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Posted: 22 Sep 2016, 03:27
From a .pdf by electronics manufacturer, Analog Devices:
"IS IT ALRIGHT TO OPERATE MY AMPLIFIER SLIGHTLY ABOVE THE ABSOLUTE MAXIMUM RATINGS?
Absolutely not! It is critical to adhere to the absolute maximum ratings in a data sheet to avoid damaging the part permanently. The absolute maximum ratings indicate the limits that a device can tolerate, but not operate at..."
While cloning the ADC-89A8B, by DATEL, I noticed that it uses a comparator, LM710CH, which takes an uneven bi-polar supply. The positive power pin takes +14 V, and the negative power pin takes -7 V. I also noticed that The DATEL 8 bit A/D converter datasheet indicates that its V+ power input should be +15 V (+/- 0.25V). V- is -15 V (+/- 0.25V). Their other converters also only want (uni-, or bi-, polar) 15 V...
That looks tight, compared to +/- 18 V, which is offered to it by THE LATHE... What's more, the V+ pin of the 8 bit A/D converter "host" is directly connected to the V+ pin of the LM710CH "guest" on the printed circuit board, although that part reportedly wants no more than +14 V on that pin. Clearly, components can tolerate more voltage than the datasheets want us to know... But it seems better not to throw more power at them than is necessary, since their decrepitude is accelerated, otherwise.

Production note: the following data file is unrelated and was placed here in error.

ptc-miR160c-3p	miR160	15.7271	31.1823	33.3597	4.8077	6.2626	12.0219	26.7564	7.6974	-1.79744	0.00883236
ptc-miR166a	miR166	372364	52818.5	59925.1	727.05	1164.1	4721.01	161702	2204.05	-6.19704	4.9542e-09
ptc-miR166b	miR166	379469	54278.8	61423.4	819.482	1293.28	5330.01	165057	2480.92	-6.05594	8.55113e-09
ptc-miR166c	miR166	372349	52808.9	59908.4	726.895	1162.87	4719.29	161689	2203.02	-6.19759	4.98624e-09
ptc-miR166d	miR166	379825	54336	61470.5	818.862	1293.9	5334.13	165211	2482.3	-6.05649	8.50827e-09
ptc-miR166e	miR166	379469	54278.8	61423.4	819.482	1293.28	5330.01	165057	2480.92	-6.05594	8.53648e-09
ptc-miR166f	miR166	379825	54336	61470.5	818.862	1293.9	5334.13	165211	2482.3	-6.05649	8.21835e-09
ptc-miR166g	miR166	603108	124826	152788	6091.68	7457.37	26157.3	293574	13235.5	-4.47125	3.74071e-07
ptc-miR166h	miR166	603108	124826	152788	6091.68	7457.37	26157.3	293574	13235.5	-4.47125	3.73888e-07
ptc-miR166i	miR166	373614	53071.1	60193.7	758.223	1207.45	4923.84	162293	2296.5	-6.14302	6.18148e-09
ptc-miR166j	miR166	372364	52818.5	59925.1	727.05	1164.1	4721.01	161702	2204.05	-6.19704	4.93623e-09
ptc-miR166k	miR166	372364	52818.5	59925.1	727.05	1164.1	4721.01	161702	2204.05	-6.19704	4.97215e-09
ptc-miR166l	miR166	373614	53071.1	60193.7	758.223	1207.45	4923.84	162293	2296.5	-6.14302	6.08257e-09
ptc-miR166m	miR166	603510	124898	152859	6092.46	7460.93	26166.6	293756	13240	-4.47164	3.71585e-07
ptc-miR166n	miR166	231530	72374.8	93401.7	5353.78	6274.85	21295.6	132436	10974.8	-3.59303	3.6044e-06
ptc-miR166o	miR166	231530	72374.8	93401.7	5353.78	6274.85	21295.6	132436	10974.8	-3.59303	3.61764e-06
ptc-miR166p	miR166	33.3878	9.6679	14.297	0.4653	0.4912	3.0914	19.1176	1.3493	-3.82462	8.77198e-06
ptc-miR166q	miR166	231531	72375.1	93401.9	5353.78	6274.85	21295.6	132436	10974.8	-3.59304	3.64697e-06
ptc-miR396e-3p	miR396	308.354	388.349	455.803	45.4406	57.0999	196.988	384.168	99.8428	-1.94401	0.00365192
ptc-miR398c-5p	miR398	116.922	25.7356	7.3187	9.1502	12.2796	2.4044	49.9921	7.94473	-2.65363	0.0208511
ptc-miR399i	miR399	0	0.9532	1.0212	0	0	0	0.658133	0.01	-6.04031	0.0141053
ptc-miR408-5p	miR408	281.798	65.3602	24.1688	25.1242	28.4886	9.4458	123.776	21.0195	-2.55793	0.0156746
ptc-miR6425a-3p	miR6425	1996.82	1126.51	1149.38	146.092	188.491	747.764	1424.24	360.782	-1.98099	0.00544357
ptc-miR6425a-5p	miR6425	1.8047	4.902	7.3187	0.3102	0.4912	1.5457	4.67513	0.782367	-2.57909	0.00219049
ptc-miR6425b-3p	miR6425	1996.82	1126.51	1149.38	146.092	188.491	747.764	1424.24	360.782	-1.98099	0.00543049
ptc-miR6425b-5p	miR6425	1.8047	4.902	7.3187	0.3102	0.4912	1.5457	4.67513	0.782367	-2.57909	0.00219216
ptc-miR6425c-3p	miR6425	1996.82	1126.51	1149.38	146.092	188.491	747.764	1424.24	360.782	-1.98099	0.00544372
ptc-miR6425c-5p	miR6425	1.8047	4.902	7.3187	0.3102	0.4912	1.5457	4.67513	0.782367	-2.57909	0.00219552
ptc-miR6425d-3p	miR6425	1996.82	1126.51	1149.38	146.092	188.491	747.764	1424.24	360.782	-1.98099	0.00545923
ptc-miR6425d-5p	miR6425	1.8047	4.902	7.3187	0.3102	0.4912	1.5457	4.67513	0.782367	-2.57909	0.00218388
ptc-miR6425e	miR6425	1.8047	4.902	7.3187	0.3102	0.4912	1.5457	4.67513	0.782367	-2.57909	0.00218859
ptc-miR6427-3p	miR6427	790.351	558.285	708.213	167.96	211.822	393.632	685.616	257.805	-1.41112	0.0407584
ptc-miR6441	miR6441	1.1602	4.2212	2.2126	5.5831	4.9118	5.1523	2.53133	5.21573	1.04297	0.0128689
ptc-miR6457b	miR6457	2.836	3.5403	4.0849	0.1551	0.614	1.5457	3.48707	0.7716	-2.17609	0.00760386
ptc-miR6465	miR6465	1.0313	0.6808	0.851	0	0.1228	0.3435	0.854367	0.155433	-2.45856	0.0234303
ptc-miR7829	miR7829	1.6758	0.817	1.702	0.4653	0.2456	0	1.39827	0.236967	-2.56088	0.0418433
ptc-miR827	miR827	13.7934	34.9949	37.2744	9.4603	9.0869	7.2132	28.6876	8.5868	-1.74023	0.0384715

So, the stock LS-76 psu and circuit design is sending the DATEL converters a +/- 18 V supply, which is regulated by two 7818s, in the TO-3 metal can package. Their outputs also go to various other cards in the cage, under the lathe, to power op amps, such as TL081, which have 18 Volts +/- as Absolute Maximum ratings... ...even µA748C, as shown in the datasheet detail, below, (contrary to many µA748 datasheets) may not actually be built quite as impervious to high supplies as the µA748M version... (?)
...also, this hybrid op amp (HC2000H), below, is powered by the same regulated supplies:
The Depth coil is driven by this hybrid op amp. The power inputs of this part can take bi-polar 37+1/2 VDC for its V+ and V- inputs - a total of 75 V @ 7 Amps.
Since the DATEL converters only want +/- 15V, and the TL081 and µA748 op amps all do well below +/- 18V, I decided to modify the power supply by removing the 7818 regulators and replacing them with 7815s. Updated drawing:
Incidentally, I noticed that the LS-76 manual drawing for the Variable Depth card has an incorrect legend for the power pin of the DATEL Systems, Inc. DAC-98BI module. The legend shown is the symbol for +5V, but the circuit is bringing it in contact with the +"18" V supply. As mentioned, above, it needs to be only + or - 15 V on all of those power pins, however, so, a mod seems in order.